We now live in difficult, even dark times and the temptation amidst the darkness of the CARONAVIRUS, COVID-19, is for some people to lose hope or even lapse into despair but God in Christ invites us, especially at Easter, to take a different course. Although we are now, metaphorically at least, in the darkness of the tomb, Christ is our light, who shines in our hearts and bids us turn to him, ‘open your eyes and look at the world with the eyes of faith and see what happens,’ resurrection!

Resurrection in all those doctors and nurses who, literally, everyday are putting their own lives on the line to relieve the pain and suffering of others. I have seen exhausted doctors and nurses, living in caravans close to the hospitals where they work, going back time and time again to help others, that’s resurrection. For all those key workers whether they are police officers, paramedics, postal staff, supermarket workers, those who work in care homes, lorry drivers and so on simply just carrying on so that others may live, that’s resurrection. Then what about all those people who simply feel the need to say ‘thank you’ to the National Health Service by joining in spontaneous applause, that’s resurrection. Then there are all those volunteers, most of whom we will never know anything about but who simply feel compelled to put the needs of others before themselves, that to is resurrection.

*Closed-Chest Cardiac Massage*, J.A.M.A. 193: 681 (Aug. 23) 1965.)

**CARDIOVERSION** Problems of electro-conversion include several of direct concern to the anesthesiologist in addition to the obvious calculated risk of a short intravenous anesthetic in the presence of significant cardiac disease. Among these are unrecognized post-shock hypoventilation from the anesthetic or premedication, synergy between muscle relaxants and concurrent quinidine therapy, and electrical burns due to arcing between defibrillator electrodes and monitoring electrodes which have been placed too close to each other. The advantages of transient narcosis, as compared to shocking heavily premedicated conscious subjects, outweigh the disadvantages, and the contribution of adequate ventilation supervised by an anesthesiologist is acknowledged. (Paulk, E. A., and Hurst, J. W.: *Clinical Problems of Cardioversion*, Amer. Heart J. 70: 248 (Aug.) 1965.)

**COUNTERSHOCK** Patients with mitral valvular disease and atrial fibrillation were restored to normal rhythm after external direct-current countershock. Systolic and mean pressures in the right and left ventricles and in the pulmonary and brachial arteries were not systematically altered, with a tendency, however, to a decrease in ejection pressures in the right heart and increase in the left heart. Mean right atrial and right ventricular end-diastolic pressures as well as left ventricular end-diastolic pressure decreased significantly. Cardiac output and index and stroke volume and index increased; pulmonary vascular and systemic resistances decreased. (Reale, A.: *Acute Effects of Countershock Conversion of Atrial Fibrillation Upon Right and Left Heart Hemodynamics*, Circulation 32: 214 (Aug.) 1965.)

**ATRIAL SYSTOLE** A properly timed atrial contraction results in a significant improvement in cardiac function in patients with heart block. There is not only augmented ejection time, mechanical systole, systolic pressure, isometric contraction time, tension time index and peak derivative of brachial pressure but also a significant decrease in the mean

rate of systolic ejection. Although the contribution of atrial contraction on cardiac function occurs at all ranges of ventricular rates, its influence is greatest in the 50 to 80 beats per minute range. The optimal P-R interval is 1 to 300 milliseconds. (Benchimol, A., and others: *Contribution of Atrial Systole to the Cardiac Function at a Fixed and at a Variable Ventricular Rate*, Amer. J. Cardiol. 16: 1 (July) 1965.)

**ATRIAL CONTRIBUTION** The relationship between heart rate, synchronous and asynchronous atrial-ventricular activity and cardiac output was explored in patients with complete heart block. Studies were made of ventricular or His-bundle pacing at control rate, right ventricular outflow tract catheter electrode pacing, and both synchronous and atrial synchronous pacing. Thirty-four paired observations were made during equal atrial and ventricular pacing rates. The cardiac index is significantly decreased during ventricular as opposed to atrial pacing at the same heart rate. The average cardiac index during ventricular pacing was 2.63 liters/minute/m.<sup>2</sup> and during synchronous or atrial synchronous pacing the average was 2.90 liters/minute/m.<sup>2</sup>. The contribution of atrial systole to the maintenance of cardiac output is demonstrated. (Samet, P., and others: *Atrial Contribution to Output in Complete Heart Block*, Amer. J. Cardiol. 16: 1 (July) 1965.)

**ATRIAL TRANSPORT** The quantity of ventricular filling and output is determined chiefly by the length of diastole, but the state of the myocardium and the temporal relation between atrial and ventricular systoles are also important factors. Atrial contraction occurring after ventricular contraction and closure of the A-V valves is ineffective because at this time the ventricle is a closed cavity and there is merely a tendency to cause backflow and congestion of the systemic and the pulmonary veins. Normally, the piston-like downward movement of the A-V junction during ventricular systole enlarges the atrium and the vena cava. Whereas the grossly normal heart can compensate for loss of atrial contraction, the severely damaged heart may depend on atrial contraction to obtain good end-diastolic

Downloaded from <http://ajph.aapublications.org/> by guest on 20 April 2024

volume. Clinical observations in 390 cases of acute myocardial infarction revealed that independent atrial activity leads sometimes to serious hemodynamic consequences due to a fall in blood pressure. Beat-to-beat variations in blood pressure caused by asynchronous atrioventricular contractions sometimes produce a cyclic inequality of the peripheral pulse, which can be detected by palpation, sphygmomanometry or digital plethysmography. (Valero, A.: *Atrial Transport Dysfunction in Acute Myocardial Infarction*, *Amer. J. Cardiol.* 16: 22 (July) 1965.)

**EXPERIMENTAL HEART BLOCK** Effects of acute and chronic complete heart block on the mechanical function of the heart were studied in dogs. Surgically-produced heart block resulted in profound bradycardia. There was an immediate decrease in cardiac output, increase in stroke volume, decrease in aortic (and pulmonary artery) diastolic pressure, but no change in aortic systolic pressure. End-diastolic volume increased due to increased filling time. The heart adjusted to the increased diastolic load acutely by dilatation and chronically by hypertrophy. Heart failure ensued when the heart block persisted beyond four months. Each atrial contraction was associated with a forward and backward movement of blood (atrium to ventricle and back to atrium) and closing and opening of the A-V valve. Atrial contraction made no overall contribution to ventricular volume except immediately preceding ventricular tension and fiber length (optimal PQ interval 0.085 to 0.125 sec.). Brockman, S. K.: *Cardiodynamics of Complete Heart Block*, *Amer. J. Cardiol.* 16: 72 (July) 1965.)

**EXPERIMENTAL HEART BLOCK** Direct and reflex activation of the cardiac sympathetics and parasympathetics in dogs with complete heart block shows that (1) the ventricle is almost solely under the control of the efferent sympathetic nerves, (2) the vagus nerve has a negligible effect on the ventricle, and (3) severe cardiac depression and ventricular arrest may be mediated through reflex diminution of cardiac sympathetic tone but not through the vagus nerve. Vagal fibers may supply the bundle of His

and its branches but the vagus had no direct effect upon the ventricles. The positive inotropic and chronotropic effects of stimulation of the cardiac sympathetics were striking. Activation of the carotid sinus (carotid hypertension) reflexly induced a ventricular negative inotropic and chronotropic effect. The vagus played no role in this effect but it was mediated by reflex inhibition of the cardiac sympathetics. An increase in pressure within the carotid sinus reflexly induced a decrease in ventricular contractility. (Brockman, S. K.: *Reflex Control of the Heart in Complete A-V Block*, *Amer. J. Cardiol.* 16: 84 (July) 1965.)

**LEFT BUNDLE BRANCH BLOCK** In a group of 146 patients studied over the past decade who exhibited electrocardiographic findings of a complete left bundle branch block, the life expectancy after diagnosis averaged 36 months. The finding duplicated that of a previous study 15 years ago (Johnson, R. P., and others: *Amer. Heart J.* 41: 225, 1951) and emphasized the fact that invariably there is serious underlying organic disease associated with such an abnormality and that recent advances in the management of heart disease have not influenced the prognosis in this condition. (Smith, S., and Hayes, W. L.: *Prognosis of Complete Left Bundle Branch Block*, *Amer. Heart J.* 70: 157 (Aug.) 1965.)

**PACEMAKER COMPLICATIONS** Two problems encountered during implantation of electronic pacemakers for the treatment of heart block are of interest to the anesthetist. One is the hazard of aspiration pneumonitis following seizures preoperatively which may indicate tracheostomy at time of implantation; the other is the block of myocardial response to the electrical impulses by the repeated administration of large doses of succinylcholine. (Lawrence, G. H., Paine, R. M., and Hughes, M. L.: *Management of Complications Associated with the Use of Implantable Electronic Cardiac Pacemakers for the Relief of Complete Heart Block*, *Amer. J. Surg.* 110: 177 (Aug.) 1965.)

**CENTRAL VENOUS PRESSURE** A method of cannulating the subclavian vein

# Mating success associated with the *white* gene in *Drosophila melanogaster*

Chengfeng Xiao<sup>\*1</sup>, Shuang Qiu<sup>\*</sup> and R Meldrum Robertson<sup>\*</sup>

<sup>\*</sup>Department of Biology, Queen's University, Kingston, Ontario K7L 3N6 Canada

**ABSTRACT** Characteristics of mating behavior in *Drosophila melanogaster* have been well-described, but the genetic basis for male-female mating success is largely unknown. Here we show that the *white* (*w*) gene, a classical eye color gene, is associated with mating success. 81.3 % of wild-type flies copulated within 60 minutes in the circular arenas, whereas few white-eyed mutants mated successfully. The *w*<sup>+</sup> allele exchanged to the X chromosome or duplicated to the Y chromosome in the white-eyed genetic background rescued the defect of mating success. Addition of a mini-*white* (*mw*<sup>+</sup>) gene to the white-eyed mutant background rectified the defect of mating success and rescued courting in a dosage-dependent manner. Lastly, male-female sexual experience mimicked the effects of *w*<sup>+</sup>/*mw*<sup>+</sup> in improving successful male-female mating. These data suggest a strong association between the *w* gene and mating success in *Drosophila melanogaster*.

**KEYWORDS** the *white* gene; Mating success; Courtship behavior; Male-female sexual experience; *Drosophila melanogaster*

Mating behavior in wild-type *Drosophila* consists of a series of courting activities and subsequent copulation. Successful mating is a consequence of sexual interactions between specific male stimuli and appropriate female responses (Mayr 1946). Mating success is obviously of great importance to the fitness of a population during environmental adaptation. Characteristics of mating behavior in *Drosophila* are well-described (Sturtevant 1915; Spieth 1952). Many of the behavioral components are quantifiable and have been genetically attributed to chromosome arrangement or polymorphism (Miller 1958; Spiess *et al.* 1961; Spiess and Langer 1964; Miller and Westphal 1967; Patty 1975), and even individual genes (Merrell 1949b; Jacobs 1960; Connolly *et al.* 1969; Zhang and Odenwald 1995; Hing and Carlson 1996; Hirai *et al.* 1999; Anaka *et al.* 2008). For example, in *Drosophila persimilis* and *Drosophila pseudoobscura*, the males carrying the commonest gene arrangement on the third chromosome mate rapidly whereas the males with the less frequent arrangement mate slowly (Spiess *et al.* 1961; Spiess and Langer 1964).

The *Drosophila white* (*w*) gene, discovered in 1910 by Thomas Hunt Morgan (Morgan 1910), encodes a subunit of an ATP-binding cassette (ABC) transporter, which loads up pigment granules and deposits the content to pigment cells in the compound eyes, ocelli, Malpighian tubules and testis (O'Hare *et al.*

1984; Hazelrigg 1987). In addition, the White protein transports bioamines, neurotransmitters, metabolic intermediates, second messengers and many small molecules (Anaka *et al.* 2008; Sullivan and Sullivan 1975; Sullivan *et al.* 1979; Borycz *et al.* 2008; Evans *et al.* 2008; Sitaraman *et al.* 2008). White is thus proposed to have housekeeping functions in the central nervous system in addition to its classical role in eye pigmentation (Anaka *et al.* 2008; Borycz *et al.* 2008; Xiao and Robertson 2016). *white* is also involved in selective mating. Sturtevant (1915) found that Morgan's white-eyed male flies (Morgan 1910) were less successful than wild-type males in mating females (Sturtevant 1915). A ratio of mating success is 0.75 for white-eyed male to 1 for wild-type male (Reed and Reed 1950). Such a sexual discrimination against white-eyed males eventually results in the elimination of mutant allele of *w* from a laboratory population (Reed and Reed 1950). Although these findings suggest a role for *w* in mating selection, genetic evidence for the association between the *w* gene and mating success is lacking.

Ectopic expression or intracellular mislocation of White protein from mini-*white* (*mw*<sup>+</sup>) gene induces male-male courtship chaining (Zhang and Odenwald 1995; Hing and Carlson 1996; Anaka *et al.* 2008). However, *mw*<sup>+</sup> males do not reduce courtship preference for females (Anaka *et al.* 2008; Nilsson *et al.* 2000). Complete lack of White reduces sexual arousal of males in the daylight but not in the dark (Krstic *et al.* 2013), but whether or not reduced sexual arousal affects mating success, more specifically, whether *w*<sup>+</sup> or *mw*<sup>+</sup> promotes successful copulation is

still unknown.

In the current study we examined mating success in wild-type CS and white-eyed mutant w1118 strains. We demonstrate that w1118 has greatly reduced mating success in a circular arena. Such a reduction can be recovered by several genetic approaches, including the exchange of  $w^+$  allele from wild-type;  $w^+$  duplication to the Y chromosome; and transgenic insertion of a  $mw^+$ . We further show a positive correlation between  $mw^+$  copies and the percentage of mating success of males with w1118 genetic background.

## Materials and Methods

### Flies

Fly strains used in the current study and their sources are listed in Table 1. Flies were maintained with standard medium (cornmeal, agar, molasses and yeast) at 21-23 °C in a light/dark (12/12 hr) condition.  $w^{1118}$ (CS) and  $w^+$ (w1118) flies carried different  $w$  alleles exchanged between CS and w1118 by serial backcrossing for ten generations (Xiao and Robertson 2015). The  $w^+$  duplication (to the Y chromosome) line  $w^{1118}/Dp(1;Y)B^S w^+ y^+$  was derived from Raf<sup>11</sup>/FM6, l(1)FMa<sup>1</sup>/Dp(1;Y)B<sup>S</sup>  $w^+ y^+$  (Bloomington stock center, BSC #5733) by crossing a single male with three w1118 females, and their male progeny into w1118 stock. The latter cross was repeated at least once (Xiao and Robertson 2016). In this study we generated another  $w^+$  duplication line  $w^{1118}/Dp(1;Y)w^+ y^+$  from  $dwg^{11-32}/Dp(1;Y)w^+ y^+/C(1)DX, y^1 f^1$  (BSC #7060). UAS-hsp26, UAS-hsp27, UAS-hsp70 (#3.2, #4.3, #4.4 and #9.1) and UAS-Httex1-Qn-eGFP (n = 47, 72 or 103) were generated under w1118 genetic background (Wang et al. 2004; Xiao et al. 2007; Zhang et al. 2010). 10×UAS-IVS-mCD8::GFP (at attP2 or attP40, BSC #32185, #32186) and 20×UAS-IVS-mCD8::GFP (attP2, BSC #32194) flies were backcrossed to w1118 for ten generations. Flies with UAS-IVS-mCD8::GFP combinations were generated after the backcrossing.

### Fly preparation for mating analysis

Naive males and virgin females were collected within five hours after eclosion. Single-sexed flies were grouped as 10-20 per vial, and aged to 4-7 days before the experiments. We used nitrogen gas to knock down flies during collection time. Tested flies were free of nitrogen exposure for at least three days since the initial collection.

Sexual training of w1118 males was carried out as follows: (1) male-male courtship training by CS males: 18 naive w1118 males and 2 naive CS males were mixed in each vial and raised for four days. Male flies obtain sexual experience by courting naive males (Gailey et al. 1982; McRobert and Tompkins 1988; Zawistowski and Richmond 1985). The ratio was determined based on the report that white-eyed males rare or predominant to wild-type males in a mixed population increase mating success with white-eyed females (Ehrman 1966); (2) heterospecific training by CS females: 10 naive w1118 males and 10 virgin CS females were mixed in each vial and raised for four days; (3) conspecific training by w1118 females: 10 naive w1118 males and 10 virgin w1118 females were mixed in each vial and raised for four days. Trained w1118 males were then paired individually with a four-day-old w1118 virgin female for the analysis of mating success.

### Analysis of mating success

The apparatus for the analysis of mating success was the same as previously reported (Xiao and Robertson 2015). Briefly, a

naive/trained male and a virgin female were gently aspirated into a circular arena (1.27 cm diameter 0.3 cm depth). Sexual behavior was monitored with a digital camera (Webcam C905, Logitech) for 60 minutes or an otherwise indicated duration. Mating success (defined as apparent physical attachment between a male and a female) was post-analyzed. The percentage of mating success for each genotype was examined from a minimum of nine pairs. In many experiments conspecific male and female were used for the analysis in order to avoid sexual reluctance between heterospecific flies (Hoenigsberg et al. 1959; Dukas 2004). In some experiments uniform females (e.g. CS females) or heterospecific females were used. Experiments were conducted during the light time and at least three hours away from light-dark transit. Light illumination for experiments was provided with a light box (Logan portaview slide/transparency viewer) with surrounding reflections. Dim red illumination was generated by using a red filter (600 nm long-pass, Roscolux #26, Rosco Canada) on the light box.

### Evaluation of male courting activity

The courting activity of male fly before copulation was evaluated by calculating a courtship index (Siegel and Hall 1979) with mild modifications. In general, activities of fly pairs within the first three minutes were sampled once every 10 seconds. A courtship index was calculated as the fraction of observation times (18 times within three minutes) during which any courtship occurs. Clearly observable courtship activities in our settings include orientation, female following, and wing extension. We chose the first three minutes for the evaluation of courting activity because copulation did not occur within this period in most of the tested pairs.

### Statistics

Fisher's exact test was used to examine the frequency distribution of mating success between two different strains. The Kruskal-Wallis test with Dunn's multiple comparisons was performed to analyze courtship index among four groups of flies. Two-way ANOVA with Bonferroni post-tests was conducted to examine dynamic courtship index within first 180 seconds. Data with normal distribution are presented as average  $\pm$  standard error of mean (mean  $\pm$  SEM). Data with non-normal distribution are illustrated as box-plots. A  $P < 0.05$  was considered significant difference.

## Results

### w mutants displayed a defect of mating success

You see as I said right at the beginning God is not confined to anything. God goes where he wants; God does what he wants, for God is ‘The God of Surprises.’ As Christians this should fill our hearts with great joy, to see the life of God before our very eyes, risen in the service and love people are offering to each other in the darkness of the tomb. This Easter then take the time, with John, to pause at the entrance to that tomb, see the linen cloths lying on the ground, look up see and believe Christ is risen, open your eyes, embrace his resurrected life and step out of the darkness and into the light.


Alleluia, Christ is risen

He is risen indeed, Alleluia

Deacon Sean

Happy Easter everyone

  1. ‘The God of Surprises,’ by Gerard Hughes (DLT, 2008)
  2. ‘True Resurrection,’ by Harry Williams  (Mitchell Beazley, 1972)